It wasn’t difficult to understand the fascination when Ted Lasso initially took off in 2020. It had all the elements of a hit sitcom, including a likable cast, funny jokes, love interests, and many touching moments of connection. It was praised by critics and spectators alike as a heartwarming show that provided much-needed distraction during national sadness (a time that never really ended).
But Ted Lasso stands out for its courage to go dark, which keeps its wholesomeness from becoming hollow sentimentality. It’s a program that frequently addresses mental illness, heartache, betrayal, and all the other human suffering that a positive outlook on life cannot remedy.
The new Apple TV+ dramedy’s pilot For apparent reasons, Shrinking frequently reminds people of that other Apple TV+ dramedy. One of its three co-creators is the Ted Lasso showrunner, while another co-creates and stars in that program. (Star Jason Segel comes in third.)
While the high-concept notion of Shrinking may seem harmless fun, the script by Lawrence, Segel, and Brett Goldstein highlights the ethical murkiness baked in. This is where Bill Lawrence’s impact can be seen most clearly.
A therapist named Jimmy Laird (Segel) is sick of promoting the tedious process of incremental self-improvement. He believes that conventional therapy approaches are too time-consuming; in some cases, waiting for people to reach their judgments when you might inform them is not worthwhile.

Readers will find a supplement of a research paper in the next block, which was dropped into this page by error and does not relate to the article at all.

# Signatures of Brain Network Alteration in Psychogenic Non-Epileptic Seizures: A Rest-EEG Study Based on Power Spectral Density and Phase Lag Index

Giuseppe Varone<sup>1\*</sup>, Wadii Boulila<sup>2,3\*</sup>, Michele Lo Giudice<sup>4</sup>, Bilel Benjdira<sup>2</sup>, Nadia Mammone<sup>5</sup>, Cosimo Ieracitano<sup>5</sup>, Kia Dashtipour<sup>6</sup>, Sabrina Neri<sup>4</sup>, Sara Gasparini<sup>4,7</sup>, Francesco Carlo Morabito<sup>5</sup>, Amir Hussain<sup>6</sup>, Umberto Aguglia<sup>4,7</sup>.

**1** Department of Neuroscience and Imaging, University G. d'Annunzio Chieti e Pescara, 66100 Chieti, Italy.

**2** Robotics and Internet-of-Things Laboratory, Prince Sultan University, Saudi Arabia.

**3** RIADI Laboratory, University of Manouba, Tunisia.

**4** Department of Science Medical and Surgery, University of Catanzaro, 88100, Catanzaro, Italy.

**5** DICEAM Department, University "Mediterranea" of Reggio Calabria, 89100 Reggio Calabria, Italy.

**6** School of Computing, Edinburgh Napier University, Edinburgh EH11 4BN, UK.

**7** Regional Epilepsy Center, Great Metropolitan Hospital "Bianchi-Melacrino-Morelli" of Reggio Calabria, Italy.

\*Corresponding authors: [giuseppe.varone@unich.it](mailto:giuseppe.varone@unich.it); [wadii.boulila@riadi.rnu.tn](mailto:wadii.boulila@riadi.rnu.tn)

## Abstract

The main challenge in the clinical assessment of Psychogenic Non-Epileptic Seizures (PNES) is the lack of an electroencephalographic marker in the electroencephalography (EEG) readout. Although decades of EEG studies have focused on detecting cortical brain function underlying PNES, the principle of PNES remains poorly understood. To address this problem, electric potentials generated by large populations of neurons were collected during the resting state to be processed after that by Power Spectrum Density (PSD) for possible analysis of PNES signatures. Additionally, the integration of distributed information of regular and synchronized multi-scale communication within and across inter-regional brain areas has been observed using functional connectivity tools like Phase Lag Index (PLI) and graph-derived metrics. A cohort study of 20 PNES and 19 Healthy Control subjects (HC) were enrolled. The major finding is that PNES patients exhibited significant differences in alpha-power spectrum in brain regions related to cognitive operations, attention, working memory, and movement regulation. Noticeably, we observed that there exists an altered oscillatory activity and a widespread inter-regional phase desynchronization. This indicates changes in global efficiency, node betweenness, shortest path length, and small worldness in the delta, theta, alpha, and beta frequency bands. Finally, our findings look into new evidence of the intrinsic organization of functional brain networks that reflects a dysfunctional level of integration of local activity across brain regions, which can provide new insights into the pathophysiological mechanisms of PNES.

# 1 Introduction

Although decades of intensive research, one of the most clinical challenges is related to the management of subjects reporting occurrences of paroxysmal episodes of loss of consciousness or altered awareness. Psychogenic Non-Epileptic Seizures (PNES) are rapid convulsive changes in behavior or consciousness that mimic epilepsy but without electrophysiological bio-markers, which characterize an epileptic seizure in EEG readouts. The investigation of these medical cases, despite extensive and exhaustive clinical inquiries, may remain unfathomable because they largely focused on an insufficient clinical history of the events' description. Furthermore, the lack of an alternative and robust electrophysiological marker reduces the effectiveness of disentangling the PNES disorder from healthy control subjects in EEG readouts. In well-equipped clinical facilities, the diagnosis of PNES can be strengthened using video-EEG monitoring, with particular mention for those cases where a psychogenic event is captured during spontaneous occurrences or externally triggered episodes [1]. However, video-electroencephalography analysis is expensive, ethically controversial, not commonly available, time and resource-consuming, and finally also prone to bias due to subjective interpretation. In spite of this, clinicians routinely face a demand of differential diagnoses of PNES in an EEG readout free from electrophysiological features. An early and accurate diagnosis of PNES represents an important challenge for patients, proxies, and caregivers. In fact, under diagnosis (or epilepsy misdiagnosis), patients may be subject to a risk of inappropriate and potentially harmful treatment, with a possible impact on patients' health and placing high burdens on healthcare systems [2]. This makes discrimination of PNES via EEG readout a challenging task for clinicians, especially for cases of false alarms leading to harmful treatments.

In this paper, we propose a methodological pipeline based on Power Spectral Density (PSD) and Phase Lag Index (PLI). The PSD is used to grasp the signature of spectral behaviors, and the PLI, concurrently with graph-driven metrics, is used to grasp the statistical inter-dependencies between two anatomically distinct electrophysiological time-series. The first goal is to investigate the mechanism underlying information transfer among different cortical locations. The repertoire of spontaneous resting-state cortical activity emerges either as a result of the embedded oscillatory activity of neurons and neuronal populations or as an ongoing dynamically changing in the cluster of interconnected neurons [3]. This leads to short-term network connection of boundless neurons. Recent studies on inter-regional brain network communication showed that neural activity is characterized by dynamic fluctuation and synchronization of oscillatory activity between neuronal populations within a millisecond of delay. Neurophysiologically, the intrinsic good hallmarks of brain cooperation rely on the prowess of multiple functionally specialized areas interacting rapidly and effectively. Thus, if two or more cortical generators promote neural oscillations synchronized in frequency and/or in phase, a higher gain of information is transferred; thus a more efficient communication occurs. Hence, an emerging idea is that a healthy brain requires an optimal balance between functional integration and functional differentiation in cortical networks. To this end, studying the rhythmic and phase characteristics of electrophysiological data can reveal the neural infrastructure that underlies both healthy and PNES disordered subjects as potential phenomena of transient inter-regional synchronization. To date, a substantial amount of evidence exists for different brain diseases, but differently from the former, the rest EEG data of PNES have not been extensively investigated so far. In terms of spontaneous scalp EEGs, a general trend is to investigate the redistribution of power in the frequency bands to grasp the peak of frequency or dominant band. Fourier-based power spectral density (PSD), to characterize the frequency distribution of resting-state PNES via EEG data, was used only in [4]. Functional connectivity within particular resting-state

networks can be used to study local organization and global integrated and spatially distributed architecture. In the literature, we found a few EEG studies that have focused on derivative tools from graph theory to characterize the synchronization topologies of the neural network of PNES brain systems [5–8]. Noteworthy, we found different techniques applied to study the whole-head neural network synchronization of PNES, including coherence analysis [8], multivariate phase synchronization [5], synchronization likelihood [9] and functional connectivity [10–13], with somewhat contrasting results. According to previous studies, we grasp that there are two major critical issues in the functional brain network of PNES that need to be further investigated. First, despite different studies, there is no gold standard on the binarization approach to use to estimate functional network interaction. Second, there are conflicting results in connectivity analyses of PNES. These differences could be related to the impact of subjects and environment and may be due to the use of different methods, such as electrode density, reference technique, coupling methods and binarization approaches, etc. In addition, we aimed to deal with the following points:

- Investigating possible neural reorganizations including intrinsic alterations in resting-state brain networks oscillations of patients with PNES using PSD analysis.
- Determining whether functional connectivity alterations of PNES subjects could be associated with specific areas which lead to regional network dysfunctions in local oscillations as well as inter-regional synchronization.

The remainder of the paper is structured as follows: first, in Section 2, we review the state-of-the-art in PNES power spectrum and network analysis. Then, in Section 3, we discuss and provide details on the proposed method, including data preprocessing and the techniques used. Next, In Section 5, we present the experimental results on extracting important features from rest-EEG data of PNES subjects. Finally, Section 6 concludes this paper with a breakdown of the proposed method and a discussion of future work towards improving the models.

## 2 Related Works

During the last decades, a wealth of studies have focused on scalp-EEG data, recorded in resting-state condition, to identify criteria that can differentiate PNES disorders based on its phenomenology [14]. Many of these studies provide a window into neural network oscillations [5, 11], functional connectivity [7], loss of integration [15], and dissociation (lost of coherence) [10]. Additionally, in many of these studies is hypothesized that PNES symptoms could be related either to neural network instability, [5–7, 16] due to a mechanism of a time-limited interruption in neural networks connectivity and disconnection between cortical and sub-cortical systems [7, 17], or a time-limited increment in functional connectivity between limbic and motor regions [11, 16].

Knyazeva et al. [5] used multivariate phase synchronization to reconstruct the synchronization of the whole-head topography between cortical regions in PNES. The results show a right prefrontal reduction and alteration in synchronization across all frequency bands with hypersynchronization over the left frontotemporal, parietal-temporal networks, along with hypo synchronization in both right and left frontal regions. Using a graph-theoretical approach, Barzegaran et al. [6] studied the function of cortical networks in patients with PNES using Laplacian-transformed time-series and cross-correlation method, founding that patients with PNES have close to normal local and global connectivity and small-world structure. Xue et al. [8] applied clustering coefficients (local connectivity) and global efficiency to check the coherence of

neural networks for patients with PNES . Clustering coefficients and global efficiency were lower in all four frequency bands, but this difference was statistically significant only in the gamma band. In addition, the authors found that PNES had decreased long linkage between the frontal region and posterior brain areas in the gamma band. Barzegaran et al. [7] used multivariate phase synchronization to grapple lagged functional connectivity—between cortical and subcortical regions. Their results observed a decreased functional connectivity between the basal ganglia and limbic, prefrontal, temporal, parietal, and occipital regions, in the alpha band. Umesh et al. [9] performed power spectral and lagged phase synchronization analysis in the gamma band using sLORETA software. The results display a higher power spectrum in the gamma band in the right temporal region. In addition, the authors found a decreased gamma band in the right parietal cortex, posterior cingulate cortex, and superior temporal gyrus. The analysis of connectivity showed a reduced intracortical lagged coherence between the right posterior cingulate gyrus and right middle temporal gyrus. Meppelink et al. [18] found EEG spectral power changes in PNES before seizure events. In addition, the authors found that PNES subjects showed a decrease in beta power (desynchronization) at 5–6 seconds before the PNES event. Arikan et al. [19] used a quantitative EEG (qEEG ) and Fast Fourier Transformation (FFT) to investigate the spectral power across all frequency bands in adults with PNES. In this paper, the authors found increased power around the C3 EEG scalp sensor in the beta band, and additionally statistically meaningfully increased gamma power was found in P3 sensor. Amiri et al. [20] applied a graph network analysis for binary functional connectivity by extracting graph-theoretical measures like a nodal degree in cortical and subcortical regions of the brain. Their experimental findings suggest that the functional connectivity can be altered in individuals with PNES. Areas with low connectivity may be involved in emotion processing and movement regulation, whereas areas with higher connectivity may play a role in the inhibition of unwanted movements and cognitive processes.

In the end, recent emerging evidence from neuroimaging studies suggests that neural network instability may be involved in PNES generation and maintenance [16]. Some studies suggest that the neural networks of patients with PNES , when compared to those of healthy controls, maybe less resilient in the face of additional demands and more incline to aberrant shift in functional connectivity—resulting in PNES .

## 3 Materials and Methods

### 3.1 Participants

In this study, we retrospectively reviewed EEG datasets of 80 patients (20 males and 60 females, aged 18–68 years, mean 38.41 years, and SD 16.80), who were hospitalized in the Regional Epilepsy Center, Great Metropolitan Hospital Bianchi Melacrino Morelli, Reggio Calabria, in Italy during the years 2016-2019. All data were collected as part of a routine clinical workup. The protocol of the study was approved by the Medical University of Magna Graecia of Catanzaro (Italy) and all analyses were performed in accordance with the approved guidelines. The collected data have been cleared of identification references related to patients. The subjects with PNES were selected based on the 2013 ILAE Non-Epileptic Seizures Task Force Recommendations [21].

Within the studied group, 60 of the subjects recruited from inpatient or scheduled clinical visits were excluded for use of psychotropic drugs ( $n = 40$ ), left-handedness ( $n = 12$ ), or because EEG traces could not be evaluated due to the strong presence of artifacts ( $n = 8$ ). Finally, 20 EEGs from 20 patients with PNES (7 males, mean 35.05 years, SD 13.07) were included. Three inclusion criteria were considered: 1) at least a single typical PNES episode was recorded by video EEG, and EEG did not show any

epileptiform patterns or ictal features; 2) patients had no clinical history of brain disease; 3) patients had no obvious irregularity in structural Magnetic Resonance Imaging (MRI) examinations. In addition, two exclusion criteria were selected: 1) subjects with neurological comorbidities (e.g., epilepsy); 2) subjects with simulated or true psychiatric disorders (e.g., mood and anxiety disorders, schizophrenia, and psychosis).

One day, he decides to get to the point during a session with Grace (Heidi Gardner) and tell her that her spouse is emotionally abusive, he has no intention of changing, and she needs to end her relationship with him forever. He yells, “Leave him, or I’m done being your therapist.”
Grace takes Jimmy’s advice and relocates back with her sister. She even calls to express her gratitude. It reassures him that he may be suitable to alter his approach and become a “psychological vigilante.” Of course, there’s more to Jimmy’s search for a new career path than just the typical irritation that can occur when you’re a therapist experiencing “compassion fatigue.”
He lost his wife in a car accident about a year ago, and since then, he has relied on alcohol, drugs, and s*x to get by. His adolescent daughter, Alice (Lukita Maxwell), who has primarily been left to grieve and take care of herself when she isn’t caring for Jimmy, suffers from this destructive self-care. She spends more time with her dad than their empty-nester neighbor Liz (Christa Miller), with whom they hardly have any contact these days.
Jimmy is desperate to get in touch with his daughter and escape his ongoing depression. Perhaps he believes that this novel and intriguing thought will help him achieve that; perhaps by hastening everyone else’s recovery from mental illness, he would hasten his sorrow and return to “normality.”